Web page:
FIG. 2, shows a preferred embodiment of the portable enclosure system with the chamber (10) mounted on a single bed (50). Panel (14) rests against the head board (52) of the bed (50). In the shown embodiment of the invention, the chamber (10) is dimensioned so that it encloses the upper torso and head of the sleeper. The width of the chamber (10) is adequately dimensioned so that it substantially covers the width of the mattress (54) of bed (50). Connecting hose (36) connects the air and filter assembly (34) with the chamber by aperture (38 shown in FIG. 1) in top panel (20). Fan and filter assembly (34) is shown oriented to one side of the bed (50) and can be placed in any position on the floor so that the operator finds it convenient.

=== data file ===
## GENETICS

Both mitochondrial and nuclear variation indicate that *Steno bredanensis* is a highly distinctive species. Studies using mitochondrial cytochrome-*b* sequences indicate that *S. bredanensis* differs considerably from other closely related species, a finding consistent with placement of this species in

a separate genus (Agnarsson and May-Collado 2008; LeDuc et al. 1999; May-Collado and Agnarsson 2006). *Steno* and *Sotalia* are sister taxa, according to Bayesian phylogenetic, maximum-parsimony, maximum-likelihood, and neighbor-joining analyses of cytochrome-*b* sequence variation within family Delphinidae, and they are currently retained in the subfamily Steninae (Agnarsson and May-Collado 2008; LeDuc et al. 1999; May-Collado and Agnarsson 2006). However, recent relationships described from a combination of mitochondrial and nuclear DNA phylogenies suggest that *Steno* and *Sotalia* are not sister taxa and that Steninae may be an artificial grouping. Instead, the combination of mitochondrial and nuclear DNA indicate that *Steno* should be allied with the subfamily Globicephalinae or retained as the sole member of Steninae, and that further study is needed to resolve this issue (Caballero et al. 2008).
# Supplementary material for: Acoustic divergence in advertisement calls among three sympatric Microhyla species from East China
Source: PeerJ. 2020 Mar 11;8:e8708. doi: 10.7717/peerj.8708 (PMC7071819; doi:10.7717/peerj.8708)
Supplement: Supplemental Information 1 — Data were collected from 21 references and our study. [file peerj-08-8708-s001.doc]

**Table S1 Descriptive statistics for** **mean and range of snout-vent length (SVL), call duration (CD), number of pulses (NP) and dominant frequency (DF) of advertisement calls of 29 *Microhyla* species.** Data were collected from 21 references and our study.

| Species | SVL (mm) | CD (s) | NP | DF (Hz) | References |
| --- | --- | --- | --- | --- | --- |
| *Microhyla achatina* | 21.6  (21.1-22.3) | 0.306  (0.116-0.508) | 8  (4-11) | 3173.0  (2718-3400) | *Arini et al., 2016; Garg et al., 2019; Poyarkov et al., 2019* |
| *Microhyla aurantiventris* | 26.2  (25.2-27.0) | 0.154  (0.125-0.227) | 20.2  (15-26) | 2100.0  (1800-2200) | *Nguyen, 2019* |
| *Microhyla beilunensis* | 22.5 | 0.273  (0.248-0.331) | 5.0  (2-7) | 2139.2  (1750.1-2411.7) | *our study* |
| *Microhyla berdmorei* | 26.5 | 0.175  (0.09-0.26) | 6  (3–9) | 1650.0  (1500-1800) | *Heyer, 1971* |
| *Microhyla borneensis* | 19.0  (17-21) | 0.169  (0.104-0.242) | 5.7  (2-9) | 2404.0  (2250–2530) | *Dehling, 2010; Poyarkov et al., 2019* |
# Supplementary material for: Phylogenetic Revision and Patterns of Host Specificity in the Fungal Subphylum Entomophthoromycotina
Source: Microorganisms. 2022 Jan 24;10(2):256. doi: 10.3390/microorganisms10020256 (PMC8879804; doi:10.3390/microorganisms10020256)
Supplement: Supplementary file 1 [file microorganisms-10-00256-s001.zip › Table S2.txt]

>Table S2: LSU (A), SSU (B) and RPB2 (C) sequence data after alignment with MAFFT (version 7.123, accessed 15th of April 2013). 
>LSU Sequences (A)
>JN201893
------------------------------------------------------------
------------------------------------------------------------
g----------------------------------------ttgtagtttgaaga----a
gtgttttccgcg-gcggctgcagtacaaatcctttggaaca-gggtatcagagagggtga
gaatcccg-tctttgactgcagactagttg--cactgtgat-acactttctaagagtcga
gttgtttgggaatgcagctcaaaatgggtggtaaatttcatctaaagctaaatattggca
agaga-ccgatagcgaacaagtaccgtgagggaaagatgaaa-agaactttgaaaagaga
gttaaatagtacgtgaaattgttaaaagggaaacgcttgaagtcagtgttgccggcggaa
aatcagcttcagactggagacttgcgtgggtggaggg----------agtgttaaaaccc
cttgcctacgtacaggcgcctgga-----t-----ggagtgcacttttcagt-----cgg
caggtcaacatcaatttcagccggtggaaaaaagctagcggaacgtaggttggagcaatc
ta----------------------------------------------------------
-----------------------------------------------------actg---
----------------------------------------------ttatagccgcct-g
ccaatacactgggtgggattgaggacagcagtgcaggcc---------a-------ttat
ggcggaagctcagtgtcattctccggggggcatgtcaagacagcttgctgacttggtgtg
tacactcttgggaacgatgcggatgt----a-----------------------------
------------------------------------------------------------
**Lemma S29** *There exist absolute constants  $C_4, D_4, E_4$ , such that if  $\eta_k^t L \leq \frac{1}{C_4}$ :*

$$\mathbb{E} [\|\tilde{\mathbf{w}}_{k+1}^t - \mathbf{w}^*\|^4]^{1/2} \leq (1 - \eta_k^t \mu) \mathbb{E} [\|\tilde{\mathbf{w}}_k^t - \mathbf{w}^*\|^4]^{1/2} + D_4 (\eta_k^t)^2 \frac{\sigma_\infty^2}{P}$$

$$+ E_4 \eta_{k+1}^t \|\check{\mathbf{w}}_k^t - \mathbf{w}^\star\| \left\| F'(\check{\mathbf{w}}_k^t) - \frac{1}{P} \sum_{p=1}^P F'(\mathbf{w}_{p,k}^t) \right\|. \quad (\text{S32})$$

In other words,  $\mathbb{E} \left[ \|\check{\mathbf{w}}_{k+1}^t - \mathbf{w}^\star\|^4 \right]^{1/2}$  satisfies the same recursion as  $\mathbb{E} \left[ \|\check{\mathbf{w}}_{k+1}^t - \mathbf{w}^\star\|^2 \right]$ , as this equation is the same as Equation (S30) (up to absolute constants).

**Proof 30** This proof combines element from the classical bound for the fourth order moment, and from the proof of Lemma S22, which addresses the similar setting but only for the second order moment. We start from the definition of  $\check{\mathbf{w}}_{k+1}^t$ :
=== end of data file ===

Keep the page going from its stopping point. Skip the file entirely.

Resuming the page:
Referring to FIG. 3, one embodiment of the present invention is shown in perspective view wherein the chamber (10) is placed on a surface (62). Chamber (10) is dimensioned to adequately enclose the upper torso and head of the sleeper (60). Curtain (18) is shown closing one side of the chamber and extending horizontally towards the foot of the sleeping surface. Curtain (18) is sufficiently dimensioned to accommodate the movement of the person within the chamber without significantly degrading the positive pressure atmosphere within the chamber. As the person shifts position during sleep, curtain (18) adjusts its shape and position to accommodate the movements of the person inside the chamber (10) without displacing the entire chamber off of the surface upon which it rests. To further increase the stability of the chamber and resist external loads imposed by the attached air hose, the chamber may be counter-weighted with suitable weights.
Exhaust port (40) is also shown as is inflation valve (44). Connecting hose (36) fixed to aperture (38) is also shown.